In the evening of the same day, during his visit at Sacred Heart Church of the First Peoples in Edmonton, Pope Francis preached, “Reconciliation is a gift from the Lord Jesus. …Jesus’ reconciliation came through the cross (tree of life)…Peace is found at the cross…The church is the living body of reconciliation – a house of reconciliation.” Hearing the pope’s sermon, former national chief of the Assembly of First Nations, Phil Fontaine, commented, “We will never reach reconciliation without forgiveness.” Governor General of Canada Mary Simon added, “Reconciliation is a grace that must be earned through continuous hard work and understanding; it is our sacred responsibility.”

“Our own efforts are not enough; we need god’s grace.”

Pope Francis

For the Mennonite Brethren faith community in Canada, the pope’s “penitential pilgrimage” is a moment in history that we need to treat with humility and open hearts. There is something here that we need to hear about suffering, generational pain, forgiveness, and reconciliation. In the September issue of MB Herald Digest, more space will be given to a variety of voices. They will speak to Pope Francis’ pilgrimage, his words and the responses that have arisen among the First Nations, Inuit and Metis peoples. Commentary is also expected regarding the Mennonite Brethren church’s current opportunity to weigh our own need for reconciliation with our indigenous neighbours. We will be asked to wrestle with questions like: What is the Holy Spirit saying to us as a denomination? What is the Holy Spirit saying to us as disciples of Jesus? How can the gospel speak into this event? The unwavering confession of the Mennonite Brethren is that the gospel – Jesus himself – is the only true, complete and lasting means of reconciliation between all peoples (Ephesians 2).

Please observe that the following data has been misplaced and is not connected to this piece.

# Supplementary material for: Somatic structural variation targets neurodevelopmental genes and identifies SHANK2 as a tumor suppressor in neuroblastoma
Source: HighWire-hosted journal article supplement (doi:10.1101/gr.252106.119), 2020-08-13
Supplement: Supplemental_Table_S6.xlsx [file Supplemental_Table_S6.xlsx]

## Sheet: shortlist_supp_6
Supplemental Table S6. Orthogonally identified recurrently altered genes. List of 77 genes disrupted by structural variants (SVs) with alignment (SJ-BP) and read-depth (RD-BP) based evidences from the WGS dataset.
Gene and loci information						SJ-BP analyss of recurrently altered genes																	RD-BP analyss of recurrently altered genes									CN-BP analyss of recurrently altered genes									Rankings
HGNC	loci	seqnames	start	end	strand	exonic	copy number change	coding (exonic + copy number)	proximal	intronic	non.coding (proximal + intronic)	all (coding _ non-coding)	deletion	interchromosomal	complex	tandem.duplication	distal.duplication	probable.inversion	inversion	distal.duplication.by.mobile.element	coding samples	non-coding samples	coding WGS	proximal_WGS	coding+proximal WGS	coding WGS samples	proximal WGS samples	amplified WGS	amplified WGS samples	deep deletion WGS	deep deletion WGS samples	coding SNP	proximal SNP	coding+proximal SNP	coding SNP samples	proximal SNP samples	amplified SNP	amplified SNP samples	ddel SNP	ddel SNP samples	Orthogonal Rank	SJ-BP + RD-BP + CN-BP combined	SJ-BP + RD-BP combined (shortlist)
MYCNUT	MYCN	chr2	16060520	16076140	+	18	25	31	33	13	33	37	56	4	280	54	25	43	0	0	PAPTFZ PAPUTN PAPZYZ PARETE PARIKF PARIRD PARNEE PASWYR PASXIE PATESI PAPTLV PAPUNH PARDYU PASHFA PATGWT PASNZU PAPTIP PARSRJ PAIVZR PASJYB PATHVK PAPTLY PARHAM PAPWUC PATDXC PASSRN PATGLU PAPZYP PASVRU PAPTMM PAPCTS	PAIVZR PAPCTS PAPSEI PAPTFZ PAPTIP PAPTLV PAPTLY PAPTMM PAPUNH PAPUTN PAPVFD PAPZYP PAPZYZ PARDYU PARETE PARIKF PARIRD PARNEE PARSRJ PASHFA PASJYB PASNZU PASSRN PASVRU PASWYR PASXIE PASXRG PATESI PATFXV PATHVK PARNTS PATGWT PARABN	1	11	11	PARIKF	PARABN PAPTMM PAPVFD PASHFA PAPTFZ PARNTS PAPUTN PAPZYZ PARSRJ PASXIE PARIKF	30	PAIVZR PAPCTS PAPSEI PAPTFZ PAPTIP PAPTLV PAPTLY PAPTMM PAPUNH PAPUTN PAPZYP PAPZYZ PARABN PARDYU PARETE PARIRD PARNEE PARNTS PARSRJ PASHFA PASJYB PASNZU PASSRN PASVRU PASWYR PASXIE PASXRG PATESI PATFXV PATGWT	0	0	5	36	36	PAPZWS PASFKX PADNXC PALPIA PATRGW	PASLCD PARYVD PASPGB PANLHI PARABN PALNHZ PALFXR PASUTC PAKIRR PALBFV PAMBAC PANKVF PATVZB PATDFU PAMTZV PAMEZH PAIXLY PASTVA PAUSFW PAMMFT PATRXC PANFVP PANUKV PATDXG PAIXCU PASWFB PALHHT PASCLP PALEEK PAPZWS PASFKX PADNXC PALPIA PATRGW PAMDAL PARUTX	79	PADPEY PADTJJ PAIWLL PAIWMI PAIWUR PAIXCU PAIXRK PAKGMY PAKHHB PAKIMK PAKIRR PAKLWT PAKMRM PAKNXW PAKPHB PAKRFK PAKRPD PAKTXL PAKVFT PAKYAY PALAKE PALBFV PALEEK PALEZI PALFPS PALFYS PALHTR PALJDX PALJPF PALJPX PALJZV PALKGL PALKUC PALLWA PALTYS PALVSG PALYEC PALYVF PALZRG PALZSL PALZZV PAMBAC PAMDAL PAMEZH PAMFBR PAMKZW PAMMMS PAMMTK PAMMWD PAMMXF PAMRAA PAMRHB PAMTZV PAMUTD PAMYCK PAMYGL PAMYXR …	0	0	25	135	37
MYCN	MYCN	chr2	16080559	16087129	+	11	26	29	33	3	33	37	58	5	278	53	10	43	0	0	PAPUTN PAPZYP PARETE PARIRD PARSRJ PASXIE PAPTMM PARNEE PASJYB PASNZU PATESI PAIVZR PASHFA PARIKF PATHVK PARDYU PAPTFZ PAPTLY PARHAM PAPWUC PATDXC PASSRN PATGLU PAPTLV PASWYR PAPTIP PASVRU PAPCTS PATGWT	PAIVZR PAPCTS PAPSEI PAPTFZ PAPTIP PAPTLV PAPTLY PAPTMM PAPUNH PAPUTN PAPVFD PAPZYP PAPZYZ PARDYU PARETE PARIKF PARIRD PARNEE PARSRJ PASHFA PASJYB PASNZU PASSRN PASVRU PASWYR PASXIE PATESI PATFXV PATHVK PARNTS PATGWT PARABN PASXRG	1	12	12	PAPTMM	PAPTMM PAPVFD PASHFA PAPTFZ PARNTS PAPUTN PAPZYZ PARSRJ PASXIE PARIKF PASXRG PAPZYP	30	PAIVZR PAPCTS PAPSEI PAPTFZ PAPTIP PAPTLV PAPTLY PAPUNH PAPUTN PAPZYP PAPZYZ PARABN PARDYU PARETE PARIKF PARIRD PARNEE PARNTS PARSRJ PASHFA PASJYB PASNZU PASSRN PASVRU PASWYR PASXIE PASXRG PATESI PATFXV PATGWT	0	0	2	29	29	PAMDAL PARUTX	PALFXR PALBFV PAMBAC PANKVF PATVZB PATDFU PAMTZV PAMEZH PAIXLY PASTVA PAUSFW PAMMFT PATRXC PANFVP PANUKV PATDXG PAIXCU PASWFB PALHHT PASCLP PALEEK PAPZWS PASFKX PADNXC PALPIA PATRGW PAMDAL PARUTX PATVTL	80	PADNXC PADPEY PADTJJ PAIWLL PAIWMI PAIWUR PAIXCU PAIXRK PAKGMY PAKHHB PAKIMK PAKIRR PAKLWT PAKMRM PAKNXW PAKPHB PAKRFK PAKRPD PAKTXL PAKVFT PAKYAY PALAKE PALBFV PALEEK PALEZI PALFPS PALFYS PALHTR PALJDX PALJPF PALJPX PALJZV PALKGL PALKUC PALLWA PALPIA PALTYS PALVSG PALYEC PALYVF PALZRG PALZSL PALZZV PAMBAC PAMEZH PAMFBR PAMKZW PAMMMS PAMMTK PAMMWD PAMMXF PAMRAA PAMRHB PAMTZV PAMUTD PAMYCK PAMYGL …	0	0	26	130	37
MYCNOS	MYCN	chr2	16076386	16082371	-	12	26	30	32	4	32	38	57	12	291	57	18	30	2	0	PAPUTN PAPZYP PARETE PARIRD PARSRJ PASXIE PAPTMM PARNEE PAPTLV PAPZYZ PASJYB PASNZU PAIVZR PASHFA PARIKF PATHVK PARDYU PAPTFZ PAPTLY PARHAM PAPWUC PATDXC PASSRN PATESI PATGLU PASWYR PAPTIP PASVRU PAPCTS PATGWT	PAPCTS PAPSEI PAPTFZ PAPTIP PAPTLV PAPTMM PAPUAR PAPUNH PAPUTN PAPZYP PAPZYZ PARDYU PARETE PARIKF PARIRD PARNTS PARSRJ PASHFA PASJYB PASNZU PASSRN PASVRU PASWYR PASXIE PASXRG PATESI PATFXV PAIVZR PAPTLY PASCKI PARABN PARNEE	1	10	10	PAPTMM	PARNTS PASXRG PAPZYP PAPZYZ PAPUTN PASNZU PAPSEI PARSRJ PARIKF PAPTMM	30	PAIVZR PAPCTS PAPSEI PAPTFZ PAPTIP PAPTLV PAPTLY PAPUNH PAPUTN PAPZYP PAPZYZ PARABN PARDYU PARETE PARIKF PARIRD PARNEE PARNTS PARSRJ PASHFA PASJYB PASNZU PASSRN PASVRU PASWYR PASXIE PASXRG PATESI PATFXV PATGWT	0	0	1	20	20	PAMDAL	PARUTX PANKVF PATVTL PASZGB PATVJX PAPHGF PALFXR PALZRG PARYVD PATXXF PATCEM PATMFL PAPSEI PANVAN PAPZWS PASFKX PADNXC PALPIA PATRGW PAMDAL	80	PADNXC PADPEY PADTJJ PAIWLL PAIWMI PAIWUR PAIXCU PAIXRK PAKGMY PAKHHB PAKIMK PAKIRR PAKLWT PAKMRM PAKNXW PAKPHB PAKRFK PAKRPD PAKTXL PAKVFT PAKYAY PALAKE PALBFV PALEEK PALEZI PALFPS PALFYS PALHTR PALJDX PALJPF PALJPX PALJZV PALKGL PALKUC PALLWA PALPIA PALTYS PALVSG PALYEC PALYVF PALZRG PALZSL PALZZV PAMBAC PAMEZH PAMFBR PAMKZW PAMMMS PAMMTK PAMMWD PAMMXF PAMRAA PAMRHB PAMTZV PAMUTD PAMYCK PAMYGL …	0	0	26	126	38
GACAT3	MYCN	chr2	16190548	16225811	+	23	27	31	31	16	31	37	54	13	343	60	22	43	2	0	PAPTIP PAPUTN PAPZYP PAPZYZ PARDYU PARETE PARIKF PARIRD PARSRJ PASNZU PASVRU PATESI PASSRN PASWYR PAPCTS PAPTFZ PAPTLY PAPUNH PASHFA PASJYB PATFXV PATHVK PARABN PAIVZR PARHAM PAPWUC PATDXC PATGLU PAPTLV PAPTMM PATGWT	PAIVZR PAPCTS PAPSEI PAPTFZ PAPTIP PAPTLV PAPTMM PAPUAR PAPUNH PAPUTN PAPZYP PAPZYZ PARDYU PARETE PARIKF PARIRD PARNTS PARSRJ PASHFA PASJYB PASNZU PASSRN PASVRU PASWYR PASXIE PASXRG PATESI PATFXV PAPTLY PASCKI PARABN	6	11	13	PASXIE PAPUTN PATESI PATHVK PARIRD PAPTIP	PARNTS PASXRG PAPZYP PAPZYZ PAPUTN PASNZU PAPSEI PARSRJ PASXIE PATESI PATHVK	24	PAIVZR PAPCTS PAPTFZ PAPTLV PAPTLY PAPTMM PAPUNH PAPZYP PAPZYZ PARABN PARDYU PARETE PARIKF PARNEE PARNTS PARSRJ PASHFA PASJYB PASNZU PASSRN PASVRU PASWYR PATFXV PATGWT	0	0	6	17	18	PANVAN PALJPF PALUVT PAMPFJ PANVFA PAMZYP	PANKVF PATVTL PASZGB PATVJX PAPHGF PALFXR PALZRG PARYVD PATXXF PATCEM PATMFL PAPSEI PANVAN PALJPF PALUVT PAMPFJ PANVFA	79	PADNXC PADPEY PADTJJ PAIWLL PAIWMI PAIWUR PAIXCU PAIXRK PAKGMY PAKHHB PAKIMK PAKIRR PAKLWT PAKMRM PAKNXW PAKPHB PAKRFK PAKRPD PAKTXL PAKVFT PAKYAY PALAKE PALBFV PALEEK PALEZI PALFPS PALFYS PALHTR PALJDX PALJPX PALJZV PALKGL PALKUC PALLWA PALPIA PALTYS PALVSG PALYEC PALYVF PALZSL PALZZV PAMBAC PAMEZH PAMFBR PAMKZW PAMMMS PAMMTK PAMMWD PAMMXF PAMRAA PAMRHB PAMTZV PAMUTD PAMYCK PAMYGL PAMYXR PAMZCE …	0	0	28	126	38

“Jesus leads us from failure to hope and healing.”

Pope Francis, Saint Anne de Beaupre Basilica

In 2014, our denominational Executive Director Willy Reimer signed onto a joint Statement of Anabaptist Leaders following the work of the Truth and Reconciliation Commission. This timely and compelling document read in part, “We commit ourselves to walk with you, listening and learning together as we journey to a healthier and more just tomorrow.” For now, let me leave you with Chief George Arcand Jr.’s appeal to all citizens of Canada after the pope’s address, “Keep our people in your hearts and in your prayers.” At the very least, we as the people of Jesus can honour this petition.

“We regret our part in the assimilation process.”

2014 Statement of Anabaptist Leaders

 

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Rick Block September 1, 2022 - 14:12

“You can’t just say I’m sorry and walk away. There has to be effort. There has to be work and more meaningful action behind it.”
Indeed, these words are prophetic in that they reach further than the moment at hand – these words speak truth to the myriad of issues facing the Christian church, including MB’s here in Canada. Do we have the depth of character and confidence in Christ to stay within the messy conflicts and commit to meaningful, transformative action?